Stephen Mougin (known far and wide simply as MoJo) plays guitar with the Sam Bush band, providing exceptional rhythm guitar, hot, fast flatpicking solos, and always solid harmony vocals. He has had experience playing for Valerie Smith, Melonie Cannon, Jim Lauderdale, and Randy Kohrs. His excellent song writing and fine solo voice are almost unknown. Both deserve wider dissemination. Rich Mougin, his father, told me MoJo first picked up a mandolin when he was four, imitating his father on guitar. His skills improved rapidly and he began competing in contests. It wasn't until he was in middle school that his teachers discovered he had accomplished all he had by ear without ever learning to read music, an oversight that was quickly remedied. Stephen, who doubles effectively on guitar and mandolin, plays a very hot flat picking guitar (He's on the cover of Flatpicking Guitar Magazine this month) as well as excellent mandolin. His lead singing and harmony are both very effective. He has recently produced a pair of CD's featuring Russell Moore and Ronnie Bowman on the essentials of harmony singing. As a songwriter, often as co-writer with Jenee Fleenor, his songs are warm and heartfelt, reaching into the listener's core. Two songs of his presented at the performance celebrated a fellow teacher named Jenny who had choreographed the musicals Stephen directed as a public school teacher (Jenny Danced) and the grandmother, whom he had never met (Fedora's Hands), both deeply affecting numbers. In each song, his emotions were clearly very near the surface, and his honesty touched his audience deeply.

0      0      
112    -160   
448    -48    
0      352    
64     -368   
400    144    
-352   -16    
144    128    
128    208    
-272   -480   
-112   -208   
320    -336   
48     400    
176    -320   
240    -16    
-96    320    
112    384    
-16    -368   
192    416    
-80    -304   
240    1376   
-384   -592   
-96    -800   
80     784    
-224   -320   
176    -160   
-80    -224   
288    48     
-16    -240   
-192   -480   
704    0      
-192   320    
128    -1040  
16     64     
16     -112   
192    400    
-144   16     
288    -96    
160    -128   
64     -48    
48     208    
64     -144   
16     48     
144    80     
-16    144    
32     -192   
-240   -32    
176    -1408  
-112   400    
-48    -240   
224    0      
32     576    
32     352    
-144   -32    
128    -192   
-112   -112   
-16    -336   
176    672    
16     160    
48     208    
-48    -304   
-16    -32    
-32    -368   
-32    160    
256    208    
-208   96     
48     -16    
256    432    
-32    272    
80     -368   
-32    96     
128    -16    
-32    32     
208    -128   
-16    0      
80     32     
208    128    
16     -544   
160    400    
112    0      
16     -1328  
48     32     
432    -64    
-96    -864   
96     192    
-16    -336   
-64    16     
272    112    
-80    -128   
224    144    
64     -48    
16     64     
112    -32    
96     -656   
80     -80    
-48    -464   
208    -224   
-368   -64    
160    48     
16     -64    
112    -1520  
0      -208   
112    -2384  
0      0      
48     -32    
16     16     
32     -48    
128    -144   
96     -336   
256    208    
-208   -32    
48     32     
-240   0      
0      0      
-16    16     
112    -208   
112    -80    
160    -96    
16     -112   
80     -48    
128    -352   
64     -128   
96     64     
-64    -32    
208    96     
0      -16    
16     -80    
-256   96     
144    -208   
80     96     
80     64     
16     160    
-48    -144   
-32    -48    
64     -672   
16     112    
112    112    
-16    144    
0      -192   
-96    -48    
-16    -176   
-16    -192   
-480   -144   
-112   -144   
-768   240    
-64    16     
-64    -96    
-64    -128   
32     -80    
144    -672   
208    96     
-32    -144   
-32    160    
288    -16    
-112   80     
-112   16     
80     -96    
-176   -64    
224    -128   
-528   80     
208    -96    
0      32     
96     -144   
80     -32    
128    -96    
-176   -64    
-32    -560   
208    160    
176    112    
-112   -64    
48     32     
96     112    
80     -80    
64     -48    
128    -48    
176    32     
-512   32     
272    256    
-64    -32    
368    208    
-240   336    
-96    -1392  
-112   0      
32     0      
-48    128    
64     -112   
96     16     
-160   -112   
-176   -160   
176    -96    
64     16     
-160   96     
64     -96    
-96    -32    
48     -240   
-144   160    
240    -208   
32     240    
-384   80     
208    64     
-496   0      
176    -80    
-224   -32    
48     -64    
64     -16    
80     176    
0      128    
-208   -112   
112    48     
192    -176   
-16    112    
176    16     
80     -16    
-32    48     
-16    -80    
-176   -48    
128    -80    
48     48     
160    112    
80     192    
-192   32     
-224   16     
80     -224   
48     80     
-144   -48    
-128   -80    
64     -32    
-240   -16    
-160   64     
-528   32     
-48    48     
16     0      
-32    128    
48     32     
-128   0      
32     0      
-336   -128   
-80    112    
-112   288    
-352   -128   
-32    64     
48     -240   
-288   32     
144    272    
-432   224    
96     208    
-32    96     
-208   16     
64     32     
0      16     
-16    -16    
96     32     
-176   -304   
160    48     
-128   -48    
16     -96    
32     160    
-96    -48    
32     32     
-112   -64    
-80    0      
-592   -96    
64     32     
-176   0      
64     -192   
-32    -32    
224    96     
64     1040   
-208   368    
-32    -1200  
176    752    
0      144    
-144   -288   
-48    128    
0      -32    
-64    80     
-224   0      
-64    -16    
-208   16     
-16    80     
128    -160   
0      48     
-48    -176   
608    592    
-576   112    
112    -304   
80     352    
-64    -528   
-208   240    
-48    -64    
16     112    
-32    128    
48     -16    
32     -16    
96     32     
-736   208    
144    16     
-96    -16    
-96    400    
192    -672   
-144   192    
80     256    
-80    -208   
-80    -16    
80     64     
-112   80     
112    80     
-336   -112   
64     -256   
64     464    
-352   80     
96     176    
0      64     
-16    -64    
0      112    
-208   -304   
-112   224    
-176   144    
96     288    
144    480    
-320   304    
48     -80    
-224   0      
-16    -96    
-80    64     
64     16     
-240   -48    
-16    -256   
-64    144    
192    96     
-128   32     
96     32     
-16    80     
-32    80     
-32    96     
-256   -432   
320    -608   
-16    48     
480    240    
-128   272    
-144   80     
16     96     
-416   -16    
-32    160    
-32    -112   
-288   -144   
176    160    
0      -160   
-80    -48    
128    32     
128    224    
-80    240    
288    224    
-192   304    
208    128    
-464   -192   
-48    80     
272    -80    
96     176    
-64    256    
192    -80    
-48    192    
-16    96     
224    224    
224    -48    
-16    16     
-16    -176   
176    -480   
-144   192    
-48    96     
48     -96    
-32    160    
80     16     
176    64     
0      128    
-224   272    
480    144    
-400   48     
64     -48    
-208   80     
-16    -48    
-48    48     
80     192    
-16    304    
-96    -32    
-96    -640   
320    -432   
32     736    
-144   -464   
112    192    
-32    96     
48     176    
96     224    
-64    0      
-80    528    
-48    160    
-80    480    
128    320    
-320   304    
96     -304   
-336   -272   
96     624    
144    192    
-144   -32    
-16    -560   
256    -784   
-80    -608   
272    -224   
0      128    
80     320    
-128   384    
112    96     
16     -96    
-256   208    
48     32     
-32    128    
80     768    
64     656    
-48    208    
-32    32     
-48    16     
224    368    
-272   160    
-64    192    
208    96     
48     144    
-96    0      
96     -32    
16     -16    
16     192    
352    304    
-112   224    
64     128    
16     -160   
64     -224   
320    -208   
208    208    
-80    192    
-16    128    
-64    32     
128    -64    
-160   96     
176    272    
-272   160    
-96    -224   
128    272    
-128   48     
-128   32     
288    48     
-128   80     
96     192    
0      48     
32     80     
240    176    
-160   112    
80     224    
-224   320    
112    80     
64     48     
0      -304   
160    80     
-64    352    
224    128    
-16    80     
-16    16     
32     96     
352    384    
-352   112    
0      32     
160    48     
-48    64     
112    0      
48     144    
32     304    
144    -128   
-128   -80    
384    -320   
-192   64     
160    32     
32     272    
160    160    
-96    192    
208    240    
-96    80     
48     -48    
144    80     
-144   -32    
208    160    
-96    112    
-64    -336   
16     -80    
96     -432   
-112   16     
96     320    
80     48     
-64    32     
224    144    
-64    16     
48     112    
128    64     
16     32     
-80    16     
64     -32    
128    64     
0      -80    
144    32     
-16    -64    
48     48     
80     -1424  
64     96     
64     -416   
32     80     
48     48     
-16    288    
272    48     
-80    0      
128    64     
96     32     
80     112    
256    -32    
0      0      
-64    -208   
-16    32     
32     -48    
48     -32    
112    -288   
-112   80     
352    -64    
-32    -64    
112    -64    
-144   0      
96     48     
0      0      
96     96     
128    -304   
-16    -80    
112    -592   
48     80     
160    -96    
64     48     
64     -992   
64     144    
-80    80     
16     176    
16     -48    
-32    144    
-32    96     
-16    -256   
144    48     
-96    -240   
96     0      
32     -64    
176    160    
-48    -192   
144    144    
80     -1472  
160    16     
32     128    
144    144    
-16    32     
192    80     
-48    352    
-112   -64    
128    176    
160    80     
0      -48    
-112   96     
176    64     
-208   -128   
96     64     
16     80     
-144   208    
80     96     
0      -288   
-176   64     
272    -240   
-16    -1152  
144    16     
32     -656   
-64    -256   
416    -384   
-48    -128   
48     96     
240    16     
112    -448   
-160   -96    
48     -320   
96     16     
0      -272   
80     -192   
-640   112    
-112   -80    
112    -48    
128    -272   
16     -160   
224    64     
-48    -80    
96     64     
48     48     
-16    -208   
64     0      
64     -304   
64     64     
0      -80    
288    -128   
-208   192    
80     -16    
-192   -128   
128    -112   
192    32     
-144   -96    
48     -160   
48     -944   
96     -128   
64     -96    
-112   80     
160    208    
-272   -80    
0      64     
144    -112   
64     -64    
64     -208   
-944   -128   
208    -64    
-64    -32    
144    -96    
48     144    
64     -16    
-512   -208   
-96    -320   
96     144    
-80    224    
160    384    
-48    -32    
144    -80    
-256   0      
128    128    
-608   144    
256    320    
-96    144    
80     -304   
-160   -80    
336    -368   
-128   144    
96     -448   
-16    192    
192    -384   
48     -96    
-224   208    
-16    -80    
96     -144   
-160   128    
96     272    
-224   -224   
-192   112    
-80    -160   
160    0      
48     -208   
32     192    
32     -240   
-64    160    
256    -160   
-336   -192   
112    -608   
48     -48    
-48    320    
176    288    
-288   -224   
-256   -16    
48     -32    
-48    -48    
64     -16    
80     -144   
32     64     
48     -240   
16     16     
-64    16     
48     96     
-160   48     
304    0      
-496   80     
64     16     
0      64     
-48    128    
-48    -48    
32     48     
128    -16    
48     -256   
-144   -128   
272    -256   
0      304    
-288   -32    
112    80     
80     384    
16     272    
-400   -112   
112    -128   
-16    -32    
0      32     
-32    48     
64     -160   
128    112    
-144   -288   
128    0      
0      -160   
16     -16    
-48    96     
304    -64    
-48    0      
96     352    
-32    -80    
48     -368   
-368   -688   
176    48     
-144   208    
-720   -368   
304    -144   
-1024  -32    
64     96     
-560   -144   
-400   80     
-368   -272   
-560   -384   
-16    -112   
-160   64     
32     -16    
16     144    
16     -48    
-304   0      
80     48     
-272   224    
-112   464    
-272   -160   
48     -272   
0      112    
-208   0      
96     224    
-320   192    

Stephen Mougin



Mojo and Nedski

 

Together, the duo plays off each others' strengths, presenting a varied performance of vocals and instrumentals as well as very pleasant interplay between their contrasting personalities. Their voices complemented each other well, and their musicianship was at the highest level of professionalism. Their tour, sponsored by Fishman Electronics and featuring the sound of the very effective SA 220 Solo Performance System, provides a delightful interlude during this slow musical season. They will be embarking on a western swing in December. Watch this space for more information soon.